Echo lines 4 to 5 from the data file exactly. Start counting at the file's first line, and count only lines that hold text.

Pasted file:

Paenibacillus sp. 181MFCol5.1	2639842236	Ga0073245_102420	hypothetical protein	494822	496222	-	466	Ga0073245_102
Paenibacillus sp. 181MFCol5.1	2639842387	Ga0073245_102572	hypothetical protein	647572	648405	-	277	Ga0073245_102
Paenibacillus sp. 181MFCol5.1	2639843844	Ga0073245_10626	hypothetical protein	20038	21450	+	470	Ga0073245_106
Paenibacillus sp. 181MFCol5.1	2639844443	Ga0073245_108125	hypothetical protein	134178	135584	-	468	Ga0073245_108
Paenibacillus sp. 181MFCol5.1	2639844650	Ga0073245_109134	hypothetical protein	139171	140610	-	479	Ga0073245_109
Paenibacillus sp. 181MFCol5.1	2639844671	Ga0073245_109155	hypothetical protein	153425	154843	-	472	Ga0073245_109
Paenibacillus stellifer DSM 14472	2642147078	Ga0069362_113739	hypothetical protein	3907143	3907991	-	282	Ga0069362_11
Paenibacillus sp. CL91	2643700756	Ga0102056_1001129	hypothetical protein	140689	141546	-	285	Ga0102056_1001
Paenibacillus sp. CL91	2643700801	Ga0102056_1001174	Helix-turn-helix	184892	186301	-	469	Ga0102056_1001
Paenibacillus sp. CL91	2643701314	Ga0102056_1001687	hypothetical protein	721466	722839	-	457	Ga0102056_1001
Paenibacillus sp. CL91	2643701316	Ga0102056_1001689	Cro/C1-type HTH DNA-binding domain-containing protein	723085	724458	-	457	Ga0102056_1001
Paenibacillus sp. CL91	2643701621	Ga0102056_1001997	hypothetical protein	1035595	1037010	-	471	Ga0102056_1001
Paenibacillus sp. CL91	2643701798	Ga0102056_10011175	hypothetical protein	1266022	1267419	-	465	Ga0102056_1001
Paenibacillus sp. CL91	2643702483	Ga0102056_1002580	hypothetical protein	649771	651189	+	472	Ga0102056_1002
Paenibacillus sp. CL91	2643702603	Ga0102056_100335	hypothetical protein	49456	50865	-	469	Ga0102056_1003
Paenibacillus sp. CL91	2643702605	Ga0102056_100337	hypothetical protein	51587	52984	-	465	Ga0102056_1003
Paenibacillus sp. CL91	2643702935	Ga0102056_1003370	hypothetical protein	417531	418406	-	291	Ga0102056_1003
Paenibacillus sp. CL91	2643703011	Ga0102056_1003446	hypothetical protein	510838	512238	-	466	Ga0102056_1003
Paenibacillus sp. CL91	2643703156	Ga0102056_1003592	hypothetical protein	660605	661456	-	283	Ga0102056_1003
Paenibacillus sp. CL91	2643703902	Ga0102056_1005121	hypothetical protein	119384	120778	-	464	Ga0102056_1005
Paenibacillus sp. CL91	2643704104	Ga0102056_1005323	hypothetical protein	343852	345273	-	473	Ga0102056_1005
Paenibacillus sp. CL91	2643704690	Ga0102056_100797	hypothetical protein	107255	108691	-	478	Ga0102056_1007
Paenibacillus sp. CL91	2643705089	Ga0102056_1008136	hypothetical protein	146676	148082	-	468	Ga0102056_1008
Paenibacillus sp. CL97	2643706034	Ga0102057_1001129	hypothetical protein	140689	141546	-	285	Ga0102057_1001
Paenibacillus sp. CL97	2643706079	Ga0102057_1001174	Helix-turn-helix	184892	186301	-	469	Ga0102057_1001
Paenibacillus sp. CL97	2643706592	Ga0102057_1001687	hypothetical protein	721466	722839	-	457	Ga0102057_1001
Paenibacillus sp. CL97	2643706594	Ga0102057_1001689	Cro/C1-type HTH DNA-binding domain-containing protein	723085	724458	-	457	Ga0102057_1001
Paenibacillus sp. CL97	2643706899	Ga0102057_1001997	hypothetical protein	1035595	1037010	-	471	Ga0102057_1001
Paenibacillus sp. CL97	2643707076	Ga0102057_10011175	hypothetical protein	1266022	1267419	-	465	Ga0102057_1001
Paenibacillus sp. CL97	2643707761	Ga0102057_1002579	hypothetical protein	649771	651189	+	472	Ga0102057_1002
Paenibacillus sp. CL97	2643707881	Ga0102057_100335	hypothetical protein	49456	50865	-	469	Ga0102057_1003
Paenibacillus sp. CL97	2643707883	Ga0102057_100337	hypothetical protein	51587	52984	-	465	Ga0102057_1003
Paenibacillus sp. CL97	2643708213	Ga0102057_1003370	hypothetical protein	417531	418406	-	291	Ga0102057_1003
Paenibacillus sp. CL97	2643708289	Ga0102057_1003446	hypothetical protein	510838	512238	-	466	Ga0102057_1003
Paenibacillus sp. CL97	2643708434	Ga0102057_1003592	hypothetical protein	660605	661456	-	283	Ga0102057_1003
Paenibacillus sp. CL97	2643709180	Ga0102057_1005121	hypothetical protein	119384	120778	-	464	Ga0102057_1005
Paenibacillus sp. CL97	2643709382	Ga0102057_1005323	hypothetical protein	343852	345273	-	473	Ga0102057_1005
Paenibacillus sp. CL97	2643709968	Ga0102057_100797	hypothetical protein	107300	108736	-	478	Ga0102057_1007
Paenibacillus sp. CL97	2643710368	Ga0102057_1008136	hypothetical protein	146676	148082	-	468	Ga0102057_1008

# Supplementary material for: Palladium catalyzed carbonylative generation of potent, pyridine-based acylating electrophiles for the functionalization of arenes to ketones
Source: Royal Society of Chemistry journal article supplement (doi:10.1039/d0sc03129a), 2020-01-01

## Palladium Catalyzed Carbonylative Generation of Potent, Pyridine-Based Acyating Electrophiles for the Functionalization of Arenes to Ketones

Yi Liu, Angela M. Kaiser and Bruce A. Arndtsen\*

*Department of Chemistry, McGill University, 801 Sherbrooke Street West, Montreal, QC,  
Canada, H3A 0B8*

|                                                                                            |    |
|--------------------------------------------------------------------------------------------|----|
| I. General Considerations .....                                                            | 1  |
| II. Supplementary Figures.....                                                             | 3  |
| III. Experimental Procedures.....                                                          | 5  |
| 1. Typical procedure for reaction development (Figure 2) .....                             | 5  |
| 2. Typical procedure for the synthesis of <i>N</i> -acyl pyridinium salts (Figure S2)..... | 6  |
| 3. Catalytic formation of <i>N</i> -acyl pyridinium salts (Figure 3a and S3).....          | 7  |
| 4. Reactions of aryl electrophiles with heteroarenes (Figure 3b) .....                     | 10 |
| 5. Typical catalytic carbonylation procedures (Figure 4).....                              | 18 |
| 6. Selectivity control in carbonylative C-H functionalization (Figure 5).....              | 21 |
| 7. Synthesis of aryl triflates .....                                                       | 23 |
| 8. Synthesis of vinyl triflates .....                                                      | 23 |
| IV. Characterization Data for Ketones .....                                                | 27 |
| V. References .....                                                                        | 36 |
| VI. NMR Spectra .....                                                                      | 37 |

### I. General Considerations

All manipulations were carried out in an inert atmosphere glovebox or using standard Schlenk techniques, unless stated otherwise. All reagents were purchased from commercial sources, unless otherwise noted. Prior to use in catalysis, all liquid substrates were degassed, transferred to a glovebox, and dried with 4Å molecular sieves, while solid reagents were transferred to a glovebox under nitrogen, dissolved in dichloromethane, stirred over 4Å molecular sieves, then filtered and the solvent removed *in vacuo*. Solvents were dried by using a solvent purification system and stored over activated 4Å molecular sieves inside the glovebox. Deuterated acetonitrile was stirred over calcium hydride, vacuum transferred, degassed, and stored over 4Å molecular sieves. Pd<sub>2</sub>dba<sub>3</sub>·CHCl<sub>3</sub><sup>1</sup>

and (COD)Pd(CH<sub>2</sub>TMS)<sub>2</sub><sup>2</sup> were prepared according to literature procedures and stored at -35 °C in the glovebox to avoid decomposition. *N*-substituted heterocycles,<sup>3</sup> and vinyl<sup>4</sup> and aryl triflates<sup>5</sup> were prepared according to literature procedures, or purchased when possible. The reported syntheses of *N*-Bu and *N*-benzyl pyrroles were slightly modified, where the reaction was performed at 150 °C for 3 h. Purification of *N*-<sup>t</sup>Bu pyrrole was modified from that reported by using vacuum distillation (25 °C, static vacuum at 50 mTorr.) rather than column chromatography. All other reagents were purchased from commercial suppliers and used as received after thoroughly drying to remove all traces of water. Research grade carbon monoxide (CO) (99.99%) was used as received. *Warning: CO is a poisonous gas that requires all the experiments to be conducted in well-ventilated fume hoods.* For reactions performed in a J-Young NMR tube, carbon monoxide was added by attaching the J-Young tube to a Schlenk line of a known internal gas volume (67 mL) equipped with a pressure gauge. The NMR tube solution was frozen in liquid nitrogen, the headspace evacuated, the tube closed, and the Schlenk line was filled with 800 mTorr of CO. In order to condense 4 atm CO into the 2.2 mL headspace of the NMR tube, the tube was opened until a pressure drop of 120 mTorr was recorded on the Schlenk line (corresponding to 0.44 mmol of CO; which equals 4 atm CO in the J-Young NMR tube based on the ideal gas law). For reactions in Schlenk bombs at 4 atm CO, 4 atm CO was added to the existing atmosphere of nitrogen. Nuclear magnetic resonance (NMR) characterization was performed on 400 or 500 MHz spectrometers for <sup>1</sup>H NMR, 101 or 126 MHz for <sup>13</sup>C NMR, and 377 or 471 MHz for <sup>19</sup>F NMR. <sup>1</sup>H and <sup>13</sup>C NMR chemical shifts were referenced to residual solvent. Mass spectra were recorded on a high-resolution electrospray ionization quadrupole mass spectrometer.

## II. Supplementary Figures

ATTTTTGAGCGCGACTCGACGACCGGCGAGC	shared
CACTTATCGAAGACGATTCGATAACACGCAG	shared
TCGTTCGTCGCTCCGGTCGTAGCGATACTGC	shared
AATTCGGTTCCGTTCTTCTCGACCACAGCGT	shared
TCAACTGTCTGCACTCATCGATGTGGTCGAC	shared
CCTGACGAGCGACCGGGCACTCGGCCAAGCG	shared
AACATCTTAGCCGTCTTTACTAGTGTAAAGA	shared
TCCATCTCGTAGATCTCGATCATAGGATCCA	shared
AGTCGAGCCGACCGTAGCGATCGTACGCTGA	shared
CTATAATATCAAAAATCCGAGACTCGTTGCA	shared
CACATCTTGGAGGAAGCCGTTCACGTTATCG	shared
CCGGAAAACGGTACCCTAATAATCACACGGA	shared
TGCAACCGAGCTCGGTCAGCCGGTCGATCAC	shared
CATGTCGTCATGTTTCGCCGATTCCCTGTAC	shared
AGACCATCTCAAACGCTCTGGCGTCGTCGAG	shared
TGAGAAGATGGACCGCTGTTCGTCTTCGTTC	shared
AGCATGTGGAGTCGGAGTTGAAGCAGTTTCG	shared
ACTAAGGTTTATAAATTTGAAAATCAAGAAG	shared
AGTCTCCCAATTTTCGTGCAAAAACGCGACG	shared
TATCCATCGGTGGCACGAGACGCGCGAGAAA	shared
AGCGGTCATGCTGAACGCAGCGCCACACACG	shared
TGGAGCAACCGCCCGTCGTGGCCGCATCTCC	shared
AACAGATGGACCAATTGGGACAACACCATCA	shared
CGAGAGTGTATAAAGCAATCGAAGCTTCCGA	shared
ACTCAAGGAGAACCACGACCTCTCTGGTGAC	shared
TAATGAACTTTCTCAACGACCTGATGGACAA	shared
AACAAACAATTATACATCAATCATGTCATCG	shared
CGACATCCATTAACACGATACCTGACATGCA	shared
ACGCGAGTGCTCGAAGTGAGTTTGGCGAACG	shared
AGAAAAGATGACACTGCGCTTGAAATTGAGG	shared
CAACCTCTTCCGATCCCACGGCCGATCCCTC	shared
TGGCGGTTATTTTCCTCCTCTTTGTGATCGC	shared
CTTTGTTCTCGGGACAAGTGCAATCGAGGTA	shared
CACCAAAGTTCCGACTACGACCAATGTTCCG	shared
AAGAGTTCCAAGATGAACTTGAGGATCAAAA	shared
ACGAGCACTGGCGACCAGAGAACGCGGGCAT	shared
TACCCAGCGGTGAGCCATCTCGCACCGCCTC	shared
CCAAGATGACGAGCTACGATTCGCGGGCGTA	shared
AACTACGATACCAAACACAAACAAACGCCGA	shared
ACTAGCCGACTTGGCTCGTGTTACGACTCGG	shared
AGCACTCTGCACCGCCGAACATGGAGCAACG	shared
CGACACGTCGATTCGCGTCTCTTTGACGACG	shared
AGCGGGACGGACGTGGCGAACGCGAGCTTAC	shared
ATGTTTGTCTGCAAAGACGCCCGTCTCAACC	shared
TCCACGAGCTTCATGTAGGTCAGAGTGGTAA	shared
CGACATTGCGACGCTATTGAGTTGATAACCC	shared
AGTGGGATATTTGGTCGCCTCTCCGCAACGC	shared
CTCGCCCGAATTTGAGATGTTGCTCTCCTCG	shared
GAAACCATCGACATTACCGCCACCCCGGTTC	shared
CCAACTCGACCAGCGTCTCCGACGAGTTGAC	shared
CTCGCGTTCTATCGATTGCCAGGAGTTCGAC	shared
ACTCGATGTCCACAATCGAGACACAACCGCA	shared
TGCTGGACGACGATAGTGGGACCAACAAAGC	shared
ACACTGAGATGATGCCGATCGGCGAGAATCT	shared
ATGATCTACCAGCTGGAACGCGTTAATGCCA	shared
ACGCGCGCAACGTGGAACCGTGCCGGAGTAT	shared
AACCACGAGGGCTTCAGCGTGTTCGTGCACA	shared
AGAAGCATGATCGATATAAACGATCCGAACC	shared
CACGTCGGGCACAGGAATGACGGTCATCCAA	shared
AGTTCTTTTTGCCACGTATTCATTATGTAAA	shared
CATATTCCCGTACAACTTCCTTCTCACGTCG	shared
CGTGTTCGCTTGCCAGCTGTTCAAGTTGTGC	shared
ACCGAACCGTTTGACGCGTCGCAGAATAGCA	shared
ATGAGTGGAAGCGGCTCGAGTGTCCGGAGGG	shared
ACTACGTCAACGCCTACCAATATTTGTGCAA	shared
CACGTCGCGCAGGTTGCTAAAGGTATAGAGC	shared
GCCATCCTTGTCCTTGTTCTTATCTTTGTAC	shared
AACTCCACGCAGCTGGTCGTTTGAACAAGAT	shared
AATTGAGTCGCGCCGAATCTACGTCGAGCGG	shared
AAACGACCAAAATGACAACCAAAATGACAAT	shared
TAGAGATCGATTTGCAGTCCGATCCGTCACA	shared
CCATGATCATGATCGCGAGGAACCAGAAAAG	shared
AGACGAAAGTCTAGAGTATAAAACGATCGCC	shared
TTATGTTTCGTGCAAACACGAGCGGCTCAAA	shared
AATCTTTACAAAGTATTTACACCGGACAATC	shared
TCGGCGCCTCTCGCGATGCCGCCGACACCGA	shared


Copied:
Paenibacillus sp. 181MFCol5.1	2639844443	Ga0073245_108125	hypothetical protein	134178	135584	-	468	Ga0073245_108
Paenibacillus sp. 181MFCol5.1	2639844650	Ga0073245_109134	hypothetical protein	139171	140610	-	479	Ga0073245_109